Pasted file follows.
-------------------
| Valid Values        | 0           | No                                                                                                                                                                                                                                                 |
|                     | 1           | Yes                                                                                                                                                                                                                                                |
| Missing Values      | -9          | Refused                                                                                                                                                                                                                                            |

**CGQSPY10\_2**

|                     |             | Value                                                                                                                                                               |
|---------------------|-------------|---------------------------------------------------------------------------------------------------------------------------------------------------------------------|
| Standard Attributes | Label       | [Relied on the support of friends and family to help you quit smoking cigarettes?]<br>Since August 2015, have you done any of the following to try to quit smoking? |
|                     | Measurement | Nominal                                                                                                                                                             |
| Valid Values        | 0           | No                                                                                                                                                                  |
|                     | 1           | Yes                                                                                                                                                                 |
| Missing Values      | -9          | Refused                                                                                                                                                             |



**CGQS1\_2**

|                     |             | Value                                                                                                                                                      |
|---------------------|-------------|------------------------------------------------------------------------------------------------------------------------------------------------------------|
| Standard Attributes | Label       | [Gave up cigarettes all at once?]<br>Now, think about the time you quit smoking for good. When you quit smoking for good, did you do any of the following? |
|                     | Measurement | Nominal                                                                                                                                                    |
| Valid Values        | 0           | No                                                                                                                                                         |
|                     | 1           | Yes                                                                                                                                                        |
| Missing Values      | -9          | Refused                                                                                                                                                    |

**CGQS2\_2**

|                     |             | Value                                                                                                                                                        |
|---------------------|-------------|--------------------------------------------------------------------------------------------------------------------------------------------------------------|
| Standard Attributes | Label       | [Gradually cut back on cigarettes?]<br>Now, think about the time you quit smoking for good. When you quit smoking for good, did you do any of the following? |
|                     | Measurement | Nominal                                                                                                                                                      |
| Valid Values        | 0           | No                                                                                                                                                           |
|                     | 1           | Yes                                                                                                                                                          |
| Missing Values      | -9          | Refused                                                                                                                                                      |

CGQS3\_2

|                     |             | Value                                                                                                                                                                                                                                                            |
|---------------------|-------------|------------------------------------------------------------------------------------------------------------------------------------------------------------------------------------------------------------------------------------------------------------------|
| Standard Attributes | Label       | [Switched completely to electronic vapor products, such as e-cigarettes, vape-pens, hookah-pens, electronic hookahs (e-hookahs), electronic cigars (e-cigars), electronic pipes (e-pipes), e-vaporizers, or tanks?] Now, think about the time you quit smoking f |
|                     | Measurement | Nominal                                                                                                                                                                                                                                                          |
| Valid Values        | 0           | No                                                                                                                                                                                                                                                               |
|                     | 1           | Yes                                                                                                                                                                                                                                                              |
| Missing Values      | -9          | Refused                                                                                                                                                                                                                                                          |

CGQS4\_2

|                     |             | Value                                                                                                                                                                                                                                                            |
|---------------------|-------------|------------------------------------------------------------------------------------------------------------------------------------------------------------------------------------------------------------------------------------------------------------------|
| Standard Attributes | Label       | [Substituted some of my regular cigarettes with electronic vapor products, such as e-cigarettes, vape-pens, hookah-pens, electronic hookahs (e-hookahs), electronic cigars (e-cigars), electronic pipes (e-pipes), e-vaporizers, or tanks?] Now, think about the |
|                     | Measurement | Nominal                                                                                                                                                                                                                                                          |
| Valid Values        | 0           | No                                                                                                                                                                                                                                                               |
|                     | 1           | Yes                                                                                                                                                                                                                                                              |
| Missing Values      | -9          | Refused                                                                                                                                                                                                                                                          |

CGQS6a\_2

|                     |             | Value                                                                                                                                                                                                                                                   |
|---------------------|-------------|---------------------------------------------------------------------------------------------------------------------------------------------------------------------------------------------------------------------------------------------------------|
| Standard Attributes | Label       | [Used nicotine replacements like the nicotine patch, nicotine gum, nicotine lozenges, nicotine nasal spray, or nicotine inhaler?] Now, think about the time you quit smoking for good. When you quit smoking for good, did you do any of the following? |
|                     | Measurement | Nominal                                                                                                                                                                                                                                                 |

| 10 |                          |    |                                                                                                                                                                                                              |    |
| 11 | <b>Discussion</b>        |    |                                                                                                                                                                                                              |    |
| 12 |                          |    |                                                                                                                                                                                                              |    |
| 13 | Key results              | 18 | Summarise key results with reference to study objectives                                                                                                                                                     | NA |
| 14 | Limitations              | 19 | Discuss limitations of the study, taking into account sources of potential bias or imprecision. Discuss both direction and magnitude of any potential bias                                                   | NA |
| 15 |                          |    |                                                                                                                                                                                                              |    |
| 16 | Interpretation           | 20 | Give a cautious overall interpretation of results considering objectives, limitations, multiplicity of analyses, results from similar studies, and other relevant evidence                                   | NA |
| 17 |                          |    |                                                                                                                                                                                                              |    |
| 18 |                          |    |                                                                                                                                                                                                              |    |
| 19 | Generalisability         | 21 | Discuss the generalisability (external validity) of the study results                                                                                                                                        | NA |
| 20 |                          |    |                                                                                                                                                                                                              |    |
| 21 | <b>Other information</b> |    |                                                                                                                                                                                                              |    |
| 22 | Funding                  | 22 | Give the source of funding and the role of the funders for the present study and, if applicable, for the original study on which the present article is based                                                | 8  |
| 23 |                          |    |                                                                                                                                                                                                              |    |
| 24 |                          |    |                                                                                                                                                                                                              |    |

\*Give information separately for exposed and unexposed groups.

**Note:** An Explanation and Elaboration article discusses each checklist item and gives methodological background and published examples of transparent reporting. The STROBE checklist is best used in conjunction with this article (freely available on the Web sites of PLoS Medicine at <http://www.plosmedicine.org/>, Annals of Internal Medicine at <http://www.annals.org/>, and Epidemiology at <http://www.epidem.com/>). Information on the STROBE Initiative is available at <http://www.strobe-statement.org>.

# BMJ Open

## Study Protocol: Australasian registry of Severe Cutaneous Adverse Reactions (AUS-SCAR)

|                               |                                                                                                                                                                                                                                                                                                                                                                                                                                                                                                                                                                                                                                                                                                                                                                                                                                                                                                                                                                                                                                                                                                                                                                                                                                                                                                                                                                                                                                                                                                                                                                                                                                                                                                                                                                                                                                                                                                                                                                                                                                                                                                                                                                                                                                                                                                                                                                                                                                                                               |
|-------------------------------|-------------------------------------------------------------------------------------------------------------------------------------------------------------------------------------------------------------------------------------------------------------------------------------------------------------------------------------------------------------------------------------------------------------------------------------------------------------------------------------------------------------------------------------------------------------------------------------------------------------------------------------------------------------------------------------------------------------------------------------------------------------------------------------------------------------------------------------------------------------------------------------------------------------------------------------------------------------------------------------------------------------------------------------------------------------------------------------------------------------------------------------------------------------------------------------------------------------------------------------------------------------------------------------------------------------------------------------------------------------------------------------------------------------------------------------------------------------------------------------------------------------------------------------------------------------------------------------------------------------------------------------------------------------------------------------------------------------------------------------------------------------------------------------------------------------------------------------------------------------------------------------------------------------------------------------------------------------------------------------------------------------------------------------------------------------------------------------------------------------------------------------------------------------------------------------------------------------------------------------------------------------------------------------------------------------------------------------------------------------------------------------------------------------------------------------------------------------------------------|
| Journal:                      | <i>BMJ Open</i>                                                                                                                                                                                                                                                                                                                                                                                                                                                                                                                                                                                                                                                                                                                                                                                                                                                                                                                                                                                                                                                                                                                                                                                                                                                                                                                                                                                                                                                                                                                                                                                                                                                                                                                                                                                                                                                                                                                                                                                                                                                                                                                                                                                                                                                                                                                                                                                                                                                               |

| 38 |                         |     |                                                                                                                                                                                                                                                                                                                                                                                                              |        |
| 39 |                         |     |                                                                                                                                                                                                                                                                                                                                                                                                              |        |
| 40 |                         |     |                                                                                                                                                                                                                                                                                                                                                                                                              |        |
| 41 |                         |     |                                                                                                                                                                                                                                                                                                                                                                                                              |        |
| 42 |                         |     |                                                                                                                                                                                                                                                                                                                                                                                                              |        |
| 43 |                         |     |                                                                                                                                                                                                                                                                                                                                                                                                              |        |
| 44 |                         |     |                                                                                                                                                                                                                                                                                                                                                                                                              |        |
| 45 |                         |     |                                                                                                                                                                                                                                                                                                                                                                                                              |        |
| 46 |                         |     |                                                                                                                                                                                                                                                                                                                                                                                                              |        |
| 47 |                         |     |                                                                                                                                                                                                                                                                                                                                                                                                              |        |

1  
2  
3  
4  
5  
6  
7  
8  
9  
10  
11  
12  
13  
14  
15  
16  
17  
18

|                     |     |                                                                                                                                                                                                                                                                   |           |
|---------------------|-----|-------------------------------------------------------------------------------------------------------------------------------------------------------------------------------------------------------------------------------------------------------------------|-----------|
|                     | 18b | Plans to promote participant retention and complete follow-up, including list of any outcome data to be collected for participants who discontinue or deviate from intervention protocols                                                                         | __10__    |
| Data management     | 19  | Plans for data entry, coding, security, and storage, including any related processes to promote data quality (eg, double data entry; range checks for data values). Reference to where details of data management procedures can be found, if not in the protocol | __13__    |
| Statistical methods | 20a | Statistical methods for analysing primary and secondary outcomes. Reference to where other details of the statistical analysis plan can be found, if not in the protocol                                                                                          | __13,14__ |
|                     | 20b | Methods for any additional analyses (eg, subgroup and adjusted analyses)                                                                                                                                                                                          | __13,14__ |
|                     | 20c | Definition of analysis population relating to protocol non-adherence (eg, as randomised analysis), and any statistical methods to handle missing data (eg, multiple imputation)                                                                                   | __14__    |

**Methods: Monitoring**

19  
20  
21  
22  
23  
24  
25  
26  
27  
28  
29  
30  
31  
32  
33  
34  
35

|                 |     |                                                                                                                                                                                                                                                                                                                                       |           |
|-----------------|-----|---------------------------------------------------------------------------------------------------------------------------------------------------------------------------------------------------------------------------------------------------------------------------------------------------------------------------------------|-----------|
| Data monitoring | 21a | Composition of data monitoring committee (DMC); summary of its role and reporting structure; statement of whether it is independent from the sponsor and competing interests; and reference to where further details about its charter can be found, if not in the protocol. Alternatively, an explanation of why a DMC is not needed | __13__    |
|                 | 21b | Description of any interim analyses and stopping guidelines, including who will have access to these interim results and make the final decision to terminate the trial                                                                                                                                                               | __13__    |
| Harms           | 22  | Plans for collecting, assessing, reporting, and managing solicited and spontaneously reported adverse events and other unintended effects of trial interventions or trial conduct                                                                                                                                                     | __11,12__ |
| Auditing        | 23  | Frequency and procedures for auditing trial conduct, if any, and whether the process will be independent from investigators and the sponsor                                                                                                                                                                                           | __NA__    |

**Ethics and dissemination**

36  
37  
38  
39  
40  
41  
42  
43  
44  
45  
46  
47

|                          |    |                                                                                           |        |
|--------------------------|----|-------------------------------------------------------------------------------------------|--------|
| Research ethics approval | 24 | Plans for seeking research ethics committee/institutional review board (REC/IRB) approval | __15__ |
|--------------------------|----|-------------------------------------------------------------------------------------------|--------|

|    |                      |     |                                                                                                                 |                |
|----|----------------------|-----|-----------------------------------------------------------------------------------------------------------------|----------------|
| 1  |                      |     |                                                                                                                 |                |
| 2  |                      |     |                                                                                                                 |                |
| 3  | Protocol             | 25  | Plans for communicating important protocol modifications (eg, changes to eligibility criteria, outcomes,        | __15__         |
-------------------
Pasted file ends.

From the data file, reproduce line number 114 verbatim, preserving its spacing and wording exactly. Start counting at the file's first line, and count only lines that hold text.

26  